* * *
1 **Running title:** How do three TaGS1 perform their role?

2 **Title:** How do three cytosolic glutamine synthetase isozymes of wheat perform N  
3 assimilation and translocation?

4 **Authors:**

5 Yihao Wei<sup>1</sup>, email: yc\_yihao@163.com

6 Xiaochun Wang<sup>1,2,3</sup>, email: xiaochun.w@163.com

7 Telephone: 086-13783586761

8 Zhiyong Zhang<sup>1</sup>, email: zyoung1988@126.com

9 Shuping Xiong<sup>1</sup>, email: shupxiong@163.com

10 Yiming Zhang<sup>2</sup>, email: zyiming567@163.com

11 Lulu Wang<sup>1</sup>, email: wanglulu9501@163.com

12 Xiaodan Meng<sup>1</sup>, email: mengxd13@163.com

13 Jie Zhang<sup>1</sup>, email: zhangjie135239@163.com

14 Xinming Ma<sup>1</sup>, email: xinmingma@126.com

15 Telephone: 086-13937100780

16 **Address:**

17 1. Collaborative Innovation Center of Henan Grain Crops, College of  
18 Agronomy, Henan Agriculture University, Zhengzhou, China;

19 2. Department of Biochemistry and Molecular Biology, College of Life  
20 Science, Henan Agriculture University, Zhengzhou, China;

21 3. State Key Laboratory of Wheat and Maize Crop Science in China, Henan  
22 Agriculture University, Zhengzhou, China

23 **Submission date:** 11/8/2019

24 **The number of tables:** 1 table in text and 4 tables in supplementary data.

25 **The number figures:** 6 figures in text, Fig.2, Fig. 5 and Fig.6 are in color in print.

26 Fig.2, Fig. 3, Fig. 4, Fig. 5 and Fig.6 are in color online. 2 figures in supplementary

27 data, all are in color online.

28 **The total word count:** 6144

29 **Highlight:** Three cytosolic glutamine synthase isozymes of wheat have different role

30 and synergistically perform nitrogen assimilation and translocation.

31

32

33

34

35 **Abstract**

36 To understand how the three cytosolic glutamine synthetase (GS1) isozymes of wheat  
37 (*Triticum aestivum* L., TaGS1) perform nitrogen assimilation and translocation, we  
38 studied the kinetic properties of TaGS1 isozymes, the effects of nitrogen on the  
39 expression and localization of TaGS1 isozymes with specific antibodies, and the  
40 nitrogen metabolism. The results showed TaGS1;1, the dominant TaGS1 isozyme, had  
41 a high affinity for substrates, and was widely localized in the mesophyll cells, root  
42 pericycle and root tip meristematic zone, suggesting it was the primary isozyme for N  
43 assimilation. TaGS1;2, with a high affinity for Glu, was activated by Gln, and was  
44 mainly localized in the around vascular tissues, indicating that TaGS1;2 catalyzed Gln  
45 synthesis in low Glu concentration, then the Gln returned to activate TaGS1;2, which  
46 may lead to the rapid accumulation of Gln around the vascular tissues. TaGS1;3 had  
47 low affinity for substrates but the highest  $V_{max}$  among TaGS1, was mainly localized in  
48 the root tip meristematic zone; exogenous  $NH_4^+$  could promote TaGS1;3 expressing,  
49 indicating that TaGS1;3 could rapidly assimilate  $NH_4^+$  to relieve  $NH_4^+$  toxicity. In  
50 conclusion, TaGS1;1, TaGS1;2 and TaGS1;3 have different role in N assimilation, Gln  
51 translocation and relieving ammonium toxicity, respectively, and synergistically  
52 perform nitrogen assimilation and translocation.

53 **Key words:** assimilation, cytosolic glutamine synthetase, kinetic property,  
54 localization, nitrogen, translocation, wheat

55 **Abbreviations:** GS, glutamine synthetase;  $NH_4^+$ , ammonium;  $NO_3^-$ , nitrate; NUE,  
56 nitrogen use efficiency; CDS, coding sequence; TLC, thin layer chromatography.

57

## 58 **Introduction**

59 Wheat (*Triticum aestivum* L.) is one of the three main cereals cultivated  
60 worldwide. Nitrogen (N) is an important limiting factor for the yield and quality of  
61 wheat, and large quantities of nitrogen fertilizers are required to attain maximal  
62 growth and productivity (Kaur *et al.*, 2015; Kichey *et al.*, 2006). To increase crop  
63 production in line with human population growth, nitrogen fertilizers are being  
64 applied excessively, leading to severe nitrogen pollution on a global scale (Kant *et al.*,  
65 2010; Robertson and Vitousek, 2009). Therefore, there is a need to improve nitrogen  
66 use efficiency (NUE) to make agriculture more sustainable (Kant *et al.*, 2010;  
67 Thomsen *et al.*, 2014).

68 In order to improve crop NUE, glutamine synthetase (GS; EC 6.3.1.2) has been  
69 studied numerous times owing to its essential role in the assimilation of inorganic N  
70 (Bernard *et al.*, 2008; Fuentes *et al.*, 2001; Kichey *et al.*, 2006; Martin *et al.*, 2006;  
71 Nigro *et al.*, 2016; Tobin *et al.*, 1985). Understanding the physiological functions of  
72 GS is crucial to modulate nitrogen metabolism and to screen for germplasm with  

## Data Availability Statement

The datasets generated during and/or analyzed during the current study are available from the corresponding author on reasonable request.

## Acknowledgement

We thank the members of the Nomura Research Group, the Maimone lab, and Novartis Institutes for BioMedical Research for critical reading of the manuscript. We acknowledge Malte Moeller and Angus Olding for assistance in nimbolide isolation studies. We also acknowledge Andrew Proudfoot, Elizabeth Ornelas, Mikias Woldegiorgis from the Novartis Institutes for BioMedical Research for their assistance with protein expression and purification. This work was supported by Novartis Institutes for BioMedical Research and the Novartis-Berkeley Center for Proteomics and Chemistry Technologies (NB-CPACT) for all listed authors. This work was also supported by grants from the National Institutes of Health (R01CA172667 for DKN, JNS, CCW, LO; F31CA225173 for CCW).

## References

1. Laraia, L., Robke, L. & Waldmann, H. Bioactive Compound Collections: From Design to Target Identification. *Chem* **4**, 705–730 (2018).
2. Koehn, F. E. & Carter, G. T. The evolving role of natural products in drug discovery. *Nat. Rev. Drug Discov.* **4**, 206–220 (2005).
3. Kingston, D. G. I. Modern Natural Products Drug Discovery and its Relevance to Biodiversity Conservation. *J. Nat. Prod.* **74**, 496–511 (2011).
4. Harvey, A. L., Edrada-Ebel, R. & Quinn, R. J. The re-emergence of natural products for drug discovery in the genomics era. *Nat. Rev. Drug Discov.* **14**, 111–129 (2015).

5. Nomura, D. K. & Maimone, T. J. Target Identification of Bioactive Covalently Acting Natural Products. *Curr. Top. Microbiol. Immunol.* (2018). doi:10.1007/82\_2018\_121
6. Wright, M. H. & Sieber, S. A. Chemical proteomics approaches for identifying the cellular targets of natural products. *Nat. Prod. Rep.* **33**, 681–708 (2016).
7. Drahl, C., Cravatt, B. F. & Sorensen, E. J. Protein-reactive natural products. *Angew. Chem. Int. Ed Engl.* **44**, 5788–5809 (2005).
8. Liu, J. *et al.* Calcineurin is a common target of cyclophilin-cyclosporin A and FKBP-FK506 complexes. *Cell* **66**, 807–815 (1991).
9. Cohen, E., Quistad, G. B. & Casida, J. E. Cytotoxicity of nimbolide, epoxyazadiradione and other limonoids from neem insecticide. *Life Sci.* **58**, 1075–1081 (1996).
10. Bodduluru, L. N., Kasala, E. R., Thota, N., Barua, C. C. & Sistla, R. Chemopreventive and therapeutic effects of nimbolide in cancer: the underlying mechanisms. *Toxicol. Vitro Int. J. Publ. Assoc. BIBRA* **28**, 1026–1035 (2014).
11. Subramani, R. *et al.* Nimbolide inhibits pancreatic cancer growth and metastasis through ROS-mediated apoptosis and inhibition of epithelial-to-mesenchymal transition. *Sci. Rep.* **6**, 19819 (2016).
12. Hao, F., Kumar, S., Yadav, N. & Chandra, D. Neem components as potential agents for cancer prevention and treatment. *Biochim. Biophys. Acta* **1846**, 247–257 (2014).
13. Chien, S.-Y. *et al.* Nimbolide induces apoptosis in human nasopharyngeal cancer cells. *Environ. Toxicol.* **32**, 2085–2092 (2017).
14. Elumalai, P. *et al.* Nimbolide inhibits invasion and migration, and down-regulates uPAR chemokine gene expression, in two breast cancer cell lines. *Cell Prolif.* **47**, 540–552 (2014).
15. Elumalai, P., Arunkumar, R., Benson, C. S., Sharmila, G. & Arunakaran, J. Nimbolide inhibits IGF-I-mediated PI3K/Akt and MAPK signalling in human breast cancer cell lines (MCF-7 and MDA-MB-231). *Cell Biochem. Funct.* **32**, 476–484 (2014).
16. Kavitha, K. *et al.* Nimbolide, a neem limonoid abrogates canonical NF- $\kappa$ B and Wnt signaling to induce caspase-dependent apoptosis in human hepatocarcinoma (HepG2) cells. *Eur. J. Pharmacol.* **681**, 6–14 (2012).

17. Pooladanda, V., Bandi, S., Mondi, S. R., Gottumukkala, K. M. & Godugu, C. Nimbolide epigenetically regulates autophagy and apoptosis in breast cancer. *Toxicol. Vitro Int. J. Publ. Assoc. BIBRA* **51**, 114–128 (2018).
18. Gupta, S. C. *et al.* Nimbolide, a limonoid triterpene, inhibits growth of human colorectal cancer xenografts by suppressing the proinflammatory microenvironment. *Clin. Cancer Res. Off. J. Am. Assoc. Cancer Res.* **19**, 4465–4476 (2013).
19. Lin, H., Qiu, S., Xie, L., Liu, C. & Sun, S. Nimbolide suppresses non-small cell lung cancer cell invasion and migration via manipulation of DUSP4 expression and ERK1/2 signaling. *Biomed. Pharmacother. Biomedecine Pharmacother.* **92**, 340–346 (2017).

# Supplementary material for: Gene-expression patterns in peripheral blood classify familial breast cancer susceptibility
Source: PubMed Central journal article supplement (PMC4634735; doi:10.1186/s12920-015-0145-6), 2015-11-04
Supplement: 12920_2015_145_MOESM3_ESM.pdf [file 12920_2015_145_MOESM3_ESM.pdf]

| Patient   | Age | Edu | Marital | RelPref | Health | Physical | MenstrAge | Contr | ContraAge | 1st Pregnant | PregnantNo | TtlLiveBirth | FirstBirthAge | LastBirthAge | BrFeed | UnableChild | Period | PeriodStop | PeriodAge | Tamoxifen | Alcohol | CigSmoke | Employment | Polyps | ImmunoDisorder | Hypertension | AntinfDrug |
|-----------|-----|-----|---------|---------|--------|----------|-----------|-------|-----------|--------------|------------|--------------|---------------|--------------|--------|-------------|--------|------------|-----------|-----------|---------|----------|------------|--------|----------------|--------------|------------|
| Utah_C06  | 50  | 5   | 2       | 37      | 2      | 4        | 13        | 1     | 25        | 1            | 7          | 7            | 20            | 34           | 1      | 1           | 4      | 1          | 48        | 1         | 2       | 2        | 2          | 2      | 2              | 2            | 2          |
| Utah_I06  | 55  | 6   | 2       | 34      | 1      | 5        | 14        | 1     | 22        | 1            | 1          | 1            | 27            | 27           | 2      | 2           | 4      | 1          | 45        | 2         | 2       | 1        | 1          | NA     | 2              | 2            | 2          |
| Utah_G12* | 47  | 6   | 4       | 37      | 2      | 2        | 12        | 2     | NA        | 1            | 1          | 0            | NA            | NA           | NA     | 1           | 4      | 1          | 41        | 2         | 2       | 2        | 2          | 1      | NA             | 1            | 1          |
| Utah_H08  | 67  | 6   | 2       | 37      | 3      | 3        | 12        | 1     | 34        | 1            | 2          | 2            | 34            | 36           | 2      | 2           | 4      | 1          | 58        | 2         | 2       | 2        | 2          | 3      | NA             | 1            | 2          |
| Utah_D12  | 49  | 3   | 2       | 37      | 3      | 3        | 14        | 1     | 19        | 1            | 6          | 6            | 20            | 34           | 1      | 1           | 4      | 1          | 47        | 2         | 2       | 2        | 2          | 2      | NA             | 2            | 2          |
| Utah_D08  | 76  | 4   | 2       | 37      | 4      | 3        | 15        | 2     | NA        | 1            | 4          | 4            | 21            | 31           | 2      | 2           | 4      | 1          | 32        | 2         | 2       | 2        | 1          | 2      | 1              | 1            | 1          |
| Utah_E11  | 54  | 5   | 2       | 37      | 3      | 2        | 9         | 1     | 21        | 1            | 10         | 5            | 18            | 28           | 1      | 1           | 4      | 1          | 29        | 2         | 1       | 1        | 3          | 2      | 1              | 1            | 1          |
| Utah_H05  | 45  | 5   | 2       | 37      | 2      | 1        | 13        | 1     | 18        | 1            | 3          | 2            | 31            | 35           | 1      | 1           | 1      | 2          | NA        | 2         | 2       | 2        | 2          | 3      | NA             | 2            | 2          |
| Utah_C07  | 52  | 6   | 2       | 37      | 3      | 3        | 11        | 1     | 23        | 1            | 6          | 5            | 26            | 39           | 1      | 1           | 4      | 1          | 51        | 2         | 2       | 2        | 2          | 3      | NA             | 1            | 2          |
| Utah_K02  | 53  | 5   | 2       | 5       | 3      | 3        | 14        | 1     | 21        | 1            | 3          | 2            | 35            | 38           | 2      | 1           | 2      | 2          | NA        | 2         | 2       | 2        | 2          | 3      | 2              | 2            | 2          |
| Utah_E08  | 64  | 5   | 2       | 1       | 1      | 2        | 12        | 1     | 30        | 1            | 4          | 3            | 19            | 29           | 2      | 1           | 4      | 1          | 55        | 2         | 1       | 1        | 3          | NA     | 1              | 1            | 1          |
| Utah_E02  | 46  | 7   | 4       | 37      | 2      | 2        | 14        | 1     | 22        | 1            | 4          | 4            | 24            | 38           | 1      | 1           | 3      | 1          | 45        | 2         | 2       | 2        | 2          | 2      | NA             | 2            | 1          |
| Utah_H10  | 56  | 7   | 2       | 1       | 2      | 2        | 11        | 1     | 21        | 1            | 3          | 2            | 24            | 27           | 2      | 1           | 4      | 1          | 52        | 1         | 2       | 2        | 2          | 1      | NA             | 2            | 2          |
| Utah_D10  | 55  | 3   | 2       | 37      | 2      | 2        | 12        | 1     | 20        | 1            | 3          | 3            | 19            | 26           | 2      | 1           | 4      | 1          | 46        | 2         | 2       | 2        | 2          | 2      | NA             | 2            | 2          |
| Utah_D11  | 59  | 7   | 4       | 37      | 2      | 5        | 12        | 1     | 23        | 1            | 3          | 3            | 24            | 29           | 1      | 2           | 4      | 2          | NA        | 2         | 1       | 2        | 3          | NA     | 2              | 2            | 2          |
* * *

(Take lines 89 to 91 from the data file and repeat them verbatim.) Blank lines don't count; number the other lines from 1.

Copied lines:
12. Hao, F., Kumar, S., Yadav, N. & Chandra, D. Neem components as potential agents for cancer prevention and treatment. *Biochim. Biophys. Acta* **1846**, 247–257 (2014).
13. Chien, S.-Y. *et al.* Nimbolide induces apoptosis in human nasopharyngeal cancer cells. *Environ. Toxicol.* **32**, 2085–2092 (2017).
14. Elumalai, P. *et al.* Nimbolide inhibits invasion and migration, and down-regulates uPAR chemokine gene expression, in two breast cancer cell lines. *Cell Prolif.* **47**, 540–552 (2014).